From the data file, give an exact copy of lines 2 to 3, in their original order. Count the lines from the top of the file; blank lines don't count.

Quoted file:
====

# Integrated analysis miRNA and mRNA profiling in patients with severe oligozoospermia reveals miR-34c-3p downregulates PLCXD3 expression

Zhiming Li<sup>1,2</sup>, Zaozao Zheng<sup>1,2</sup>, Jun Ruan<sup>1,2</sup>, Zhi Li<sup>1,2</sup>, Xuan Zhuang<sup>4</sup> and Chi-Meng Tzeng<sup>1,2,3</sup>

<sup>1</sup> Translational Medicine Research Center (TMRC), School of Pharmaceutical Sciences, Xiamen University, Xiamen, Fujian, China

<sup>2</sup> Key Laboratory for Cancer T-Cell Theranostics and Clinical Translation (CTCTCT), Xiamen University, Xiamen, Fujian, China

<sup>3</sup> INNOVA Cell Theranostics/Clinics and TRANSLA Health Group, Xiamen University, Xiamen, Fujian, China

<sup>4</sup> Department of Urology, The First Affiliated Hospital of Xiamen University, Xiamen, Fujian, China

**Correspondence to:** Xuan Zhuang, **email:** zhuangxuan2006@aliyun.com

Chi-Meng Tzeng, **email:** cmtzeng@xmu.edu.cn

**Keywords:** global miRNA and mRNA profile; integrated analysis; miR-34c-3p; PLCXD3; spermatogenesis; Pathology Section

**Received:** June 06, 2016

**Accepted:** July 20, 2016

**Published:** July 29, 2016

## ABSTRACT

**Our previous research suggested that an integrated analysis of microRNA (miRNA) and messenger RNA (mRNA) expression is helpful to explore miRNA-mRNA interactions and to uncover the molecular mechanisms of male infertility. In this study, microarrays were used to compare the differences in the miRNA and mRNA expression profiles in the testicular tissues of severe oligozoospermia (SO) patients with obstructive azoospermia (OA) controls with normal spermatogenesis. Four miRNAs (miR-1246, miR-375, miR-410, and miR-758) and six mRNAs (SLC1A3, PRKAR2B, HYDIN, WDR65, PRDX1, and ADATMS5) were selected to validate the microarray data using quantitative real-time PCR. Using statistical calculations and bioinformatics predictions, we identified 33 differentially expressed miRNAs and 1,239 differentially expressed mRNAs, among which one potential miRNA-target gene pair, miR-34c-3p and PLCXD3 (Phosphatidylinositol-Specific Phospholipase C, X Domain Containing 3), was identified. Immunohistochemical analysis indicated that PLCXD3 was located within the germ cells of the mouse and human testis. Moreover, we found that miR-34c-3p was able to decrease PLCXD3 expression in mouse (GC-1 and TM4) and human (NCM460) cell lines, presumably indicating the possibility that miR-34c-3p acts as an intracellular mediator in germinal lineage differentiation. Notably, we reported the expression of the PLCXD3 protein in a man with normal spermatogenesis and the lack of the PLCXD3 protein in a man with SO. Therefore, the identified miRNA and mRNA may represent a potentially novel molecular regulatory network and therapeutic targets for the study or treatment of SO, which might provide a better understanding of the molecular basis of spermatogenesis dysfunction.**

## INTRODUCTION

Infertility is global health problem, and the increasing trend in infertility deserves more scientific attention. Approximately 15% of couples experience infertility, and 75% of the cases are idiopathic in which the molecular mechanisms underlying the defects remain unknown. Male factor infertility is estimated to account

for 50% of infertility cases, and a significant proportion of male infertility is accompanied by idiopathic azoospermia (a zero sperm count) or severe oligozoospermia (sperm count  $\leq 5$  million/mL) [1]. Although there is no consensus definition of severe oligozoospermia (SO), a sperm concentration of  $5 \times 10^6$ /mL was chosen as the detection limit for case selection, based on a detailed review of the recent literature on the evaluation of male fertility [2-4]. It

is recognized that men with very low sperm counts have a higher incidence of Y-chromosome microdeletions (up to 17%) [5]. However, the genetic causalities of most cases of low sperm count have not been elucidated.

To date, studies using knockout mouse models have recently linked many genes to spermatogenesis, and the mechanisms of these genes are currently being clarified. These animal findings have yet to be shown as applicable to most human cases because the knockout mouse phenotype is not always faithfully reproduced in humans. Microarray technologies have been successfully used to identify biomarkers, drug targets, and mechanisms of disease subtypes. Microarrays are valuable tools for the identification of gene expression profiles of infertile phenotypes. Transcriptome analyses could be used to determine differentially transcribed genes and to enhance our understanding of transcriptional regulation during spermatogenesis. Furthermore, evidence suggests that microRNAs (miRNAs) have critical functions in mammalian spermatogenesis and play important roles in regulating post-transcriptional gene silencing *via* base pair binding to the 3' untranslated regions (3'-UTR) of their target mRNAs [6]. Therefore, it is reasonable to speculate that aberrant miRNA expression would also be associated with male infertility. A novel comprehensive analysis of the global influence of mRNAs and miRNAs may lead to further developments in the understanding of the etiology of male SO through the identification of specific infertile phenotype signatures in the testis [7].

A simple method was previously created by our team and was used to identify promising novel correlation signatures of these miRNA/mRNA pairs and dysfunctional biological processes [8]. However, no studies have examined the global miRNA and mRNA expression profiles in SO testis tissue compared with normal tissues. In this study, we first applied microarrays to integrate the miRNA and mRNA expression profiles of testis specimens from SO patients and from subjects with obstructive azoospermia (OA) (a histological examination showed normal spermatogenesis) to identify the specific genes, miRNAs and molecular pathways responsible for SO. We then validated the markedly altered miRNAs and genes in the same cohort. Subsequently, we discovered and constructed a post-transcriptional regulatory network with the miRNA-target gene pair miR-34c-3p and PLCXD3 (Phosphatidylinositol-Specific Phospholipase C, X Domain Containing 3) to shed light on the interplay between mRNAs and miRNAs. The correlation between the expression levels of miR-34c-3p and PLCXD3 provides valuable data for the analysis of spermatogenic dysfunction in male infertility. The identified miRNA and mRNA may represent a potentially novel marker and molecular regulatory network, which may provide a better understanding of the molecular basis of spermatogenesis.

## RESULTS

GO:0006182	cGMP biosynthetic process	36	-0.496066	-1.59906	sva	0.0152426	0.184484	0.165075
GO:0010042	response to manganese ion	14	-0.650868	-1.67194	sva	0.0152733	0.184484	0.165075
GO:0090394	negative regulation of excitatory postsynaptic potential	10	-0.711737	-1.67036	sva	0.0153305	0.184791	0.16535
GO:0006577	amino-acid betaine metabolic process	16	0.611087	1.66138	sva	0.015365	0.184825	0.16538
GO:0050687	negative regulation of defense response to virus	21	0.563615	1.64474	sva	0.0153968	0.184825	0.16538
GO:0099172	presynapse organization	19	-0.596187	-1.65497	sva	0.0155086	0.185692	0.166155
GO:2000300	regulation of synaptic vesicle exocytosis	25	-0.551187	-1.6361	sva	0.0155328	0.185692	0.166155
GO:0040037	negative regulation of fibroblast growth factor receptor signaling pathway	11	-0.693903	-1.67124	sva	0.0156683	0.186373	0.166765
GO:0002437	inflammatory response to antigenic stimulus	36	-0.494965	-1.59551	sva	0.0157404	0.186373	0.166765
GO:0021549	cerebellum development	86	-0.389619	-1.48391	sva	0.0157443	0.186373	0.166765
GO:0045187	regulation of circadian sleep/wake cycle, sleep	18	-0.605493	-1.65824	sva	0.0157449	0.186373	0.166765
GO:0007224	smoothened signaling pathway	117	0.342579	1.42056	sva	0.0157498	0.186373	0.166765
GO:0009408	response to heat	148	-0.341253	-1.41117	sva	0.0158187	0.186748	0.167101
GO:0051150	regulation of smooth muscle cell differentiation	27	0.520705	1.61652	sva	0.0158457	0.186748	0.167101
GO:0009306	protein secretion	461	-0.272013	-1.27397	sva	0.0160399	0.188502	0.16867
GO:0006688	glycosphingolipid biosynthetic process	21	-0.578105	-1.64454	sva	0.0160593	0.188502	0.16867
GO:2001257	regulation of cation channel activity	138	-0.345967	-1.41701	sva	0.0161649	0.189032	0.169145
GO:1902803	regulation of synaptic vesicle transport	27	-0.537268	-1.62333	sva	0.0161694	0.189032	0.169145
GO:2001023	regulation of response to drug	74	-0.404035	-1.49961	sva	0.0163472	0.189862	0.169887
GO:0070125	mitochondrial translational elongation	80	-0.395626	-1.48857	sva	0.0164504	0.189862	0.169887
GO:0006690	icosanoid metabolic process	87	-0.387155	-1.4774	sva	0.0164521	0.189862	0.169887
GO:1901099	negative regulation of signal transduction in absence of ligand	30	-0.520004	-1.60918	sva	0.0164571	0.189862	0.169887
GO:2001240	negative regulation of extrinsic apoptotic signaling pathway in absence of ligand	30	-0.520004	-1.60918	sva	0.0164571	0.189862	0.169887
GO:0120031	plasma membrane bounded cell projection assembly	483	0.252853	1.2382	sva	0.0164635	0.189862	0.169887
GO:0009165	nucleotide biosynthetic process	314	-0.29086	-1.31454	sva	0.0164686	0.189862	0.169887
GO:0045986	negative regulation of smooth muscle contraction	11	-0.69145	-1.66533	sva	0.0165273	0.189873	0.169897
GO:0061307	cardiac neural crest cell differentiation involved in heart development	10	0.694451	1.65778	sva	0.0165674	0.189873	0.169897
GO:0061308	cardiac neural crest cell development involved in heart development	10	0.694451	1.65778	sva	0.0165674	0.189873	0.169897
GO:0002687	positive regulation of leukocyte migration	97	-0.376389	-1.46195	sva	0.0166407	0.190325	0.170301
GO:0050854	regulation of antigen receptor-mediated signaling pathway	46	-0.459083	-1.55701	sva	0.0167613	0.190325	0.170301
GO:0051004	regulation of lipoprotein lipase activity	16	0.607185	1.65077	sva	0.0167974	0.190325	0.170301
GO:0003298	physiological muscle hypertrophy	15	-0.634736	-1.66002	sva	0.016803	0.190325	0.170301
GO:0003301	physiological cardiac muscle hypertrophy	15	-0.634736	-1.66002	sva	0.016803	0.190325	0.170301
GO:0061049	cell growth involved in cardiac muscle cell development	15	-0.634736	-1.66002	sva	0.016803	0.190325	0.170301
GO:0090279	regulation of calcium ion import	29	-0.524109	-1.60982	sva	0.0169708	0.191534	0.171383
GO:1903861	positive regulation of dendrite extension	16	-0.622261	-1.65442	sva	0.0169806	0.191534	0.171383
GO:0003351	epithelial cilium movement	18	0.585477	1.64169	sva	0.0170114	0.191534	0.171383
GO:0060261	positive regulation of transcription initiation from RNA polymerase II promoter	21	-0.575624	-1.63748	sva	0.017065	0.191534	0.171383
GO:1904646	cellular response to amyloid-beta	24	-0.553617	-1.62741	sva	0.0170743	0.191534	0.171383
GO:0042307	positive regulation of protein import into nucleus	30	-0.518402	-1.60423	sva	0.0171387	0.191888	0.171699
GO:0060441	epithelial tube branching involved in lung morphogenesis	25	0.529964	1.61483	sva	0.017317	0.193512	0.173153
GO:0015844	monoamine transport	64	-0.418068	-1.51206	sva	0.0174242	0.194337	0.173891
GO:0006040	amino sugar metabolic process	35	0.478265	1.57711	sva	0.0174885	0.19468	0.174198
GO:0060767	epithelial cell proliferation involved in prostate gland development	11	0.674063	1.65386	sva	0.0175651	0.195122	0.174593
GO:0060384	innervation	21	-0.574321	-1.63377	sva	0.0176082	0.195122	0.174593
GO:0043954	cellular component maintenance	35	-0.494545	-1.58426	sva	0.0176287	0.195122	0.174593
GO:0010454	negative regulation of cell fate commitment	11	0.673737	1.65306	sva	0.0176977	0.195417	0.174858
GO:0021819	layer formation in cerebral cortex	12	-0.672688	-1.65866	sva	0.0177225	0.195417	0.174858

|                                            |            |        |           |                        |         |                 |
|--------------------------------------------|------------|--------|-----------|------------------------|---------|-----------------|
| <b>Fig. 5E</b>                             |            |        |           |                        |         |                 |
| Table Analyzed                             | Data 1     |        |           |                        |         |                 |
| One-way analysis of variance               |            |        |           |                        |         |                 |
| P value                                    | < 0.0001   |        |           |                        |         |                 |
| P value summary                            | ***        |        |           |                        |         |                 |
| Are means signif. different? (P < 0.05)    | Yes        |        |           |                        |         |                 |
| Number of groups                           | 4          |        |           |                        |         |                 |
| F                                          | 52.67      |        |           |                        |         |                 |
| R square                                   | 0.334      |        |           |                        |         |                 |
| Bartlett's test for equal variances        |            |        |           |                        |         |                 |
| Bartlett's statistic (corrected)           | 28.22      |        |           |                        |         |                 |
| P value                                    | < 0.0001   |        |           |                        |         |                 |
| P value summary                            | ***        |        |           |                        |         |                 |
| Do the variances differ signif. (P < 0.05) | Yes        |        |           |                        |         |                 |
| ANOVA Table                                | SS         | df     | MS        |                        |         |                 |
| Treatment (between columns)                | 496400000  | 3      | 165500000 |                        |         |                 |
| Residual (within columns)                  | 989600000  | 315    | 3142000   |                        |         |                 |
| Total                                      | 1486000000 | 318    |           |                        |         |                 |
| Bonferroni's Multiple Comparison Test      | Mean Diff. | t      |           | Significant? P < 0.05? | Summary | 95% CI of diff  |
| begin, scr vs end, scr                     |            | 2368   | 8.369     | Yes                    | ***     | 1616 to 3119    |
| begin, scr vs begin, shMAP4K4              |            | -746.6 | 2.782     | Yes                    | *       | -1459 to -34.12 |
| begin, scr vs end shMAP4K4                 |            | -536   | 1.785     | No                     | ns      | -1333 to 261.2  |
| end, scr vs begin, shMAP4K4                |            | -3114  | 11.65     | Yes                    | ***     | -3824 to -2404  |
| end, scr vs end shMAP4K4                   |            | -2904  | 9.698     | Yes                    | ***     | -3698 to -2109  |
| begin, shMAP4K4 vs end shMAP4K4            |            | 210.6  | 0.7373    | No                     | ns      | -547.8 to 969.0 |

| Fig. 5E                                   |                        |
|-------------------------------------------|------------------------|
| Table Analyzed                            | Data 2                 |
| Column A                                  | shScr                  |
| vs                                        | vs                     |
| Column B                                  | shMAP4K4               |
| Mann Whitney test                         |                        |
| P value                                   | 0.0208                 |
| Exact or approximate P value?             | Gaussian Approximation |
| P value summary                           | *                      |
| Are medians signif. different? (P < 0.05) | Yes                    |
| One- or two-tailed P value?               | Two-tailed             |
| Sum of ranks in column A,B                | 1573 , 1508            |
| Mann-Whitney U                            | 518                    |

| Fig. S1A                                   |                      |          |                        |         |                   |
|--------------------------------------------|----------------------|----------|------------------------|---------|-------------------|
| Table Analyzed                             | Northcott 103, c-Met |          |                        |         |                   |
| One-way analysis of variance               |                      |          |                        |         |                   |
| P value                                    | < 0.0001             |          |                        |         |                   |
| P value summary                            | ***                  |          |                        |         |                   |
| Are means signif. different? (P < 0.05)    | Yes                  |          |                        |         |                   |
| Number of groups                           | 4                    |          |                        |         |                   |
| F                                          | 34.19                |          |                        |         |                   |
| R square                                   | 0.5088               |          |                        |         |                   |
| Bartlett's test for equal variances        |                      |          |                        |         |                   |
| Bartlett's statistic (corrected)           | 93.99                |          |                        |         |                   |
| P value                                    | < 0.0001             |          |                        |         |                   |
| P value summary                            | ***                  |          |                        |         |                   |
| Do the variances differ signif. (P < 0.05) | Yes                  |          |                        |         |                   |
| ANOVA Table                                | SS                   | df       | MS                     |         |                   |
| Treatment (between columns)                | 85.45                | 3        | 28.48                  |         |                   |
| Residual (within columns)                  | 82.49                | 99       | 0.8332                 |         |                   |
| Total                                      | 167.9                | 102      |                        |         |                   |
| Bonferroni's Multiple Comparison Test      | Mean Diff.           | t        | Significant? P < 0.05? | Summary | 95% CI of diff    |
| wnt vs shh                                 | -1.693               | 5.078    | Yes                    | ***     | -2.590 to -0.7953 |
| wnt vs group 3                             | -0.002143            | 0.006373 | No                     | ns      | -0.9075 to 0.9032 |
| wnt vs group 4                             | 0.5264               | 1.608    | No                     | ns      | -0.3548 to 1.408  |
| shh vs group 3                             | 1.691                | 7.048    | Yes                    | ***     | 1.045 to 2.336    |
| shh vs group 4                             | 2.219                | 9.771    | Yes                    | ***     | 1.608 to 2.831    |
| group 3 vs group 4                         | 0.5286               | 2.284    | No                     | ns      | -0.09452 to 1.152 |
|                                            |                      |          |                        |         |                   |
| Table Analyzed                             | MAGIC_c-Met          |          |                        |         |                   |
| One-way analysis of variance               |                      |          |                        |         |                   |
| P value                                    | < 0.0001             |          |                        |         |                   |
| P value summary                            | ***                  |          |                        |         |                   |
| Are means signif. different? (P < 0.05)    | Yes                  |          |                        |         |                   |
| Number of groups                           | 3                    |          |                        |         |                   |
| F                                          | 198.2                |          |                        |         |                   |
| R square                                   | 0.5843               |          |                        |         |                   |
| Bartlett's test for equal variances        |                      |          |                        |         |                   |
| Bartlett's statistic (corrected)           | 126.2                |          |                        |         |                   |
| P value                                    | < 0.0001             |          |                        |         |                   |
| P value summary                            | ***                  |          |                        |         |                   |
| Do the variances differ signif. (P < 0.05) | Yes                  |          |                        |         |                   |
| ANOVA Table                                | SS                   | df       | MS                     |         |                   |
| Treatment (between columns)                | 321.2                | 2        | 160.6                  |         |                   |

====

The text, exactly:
Zhiming Li<sup>1,2</sup>, Zaozao Zheng<sup>1,2</sup>, Jun Ruan<sup>1,2</sup>, Zhi Li<sup>1,2</sup>, Xuan Zhuang<sup>4</sup> and Chi-Meng Tzeng<sup>1,2,3</sup>

<sup>1</sup> Translational Medicine Research Center (TMRC), School of Pharmaceutical Sciences, Xiamen University, Xiamen, Fujian, China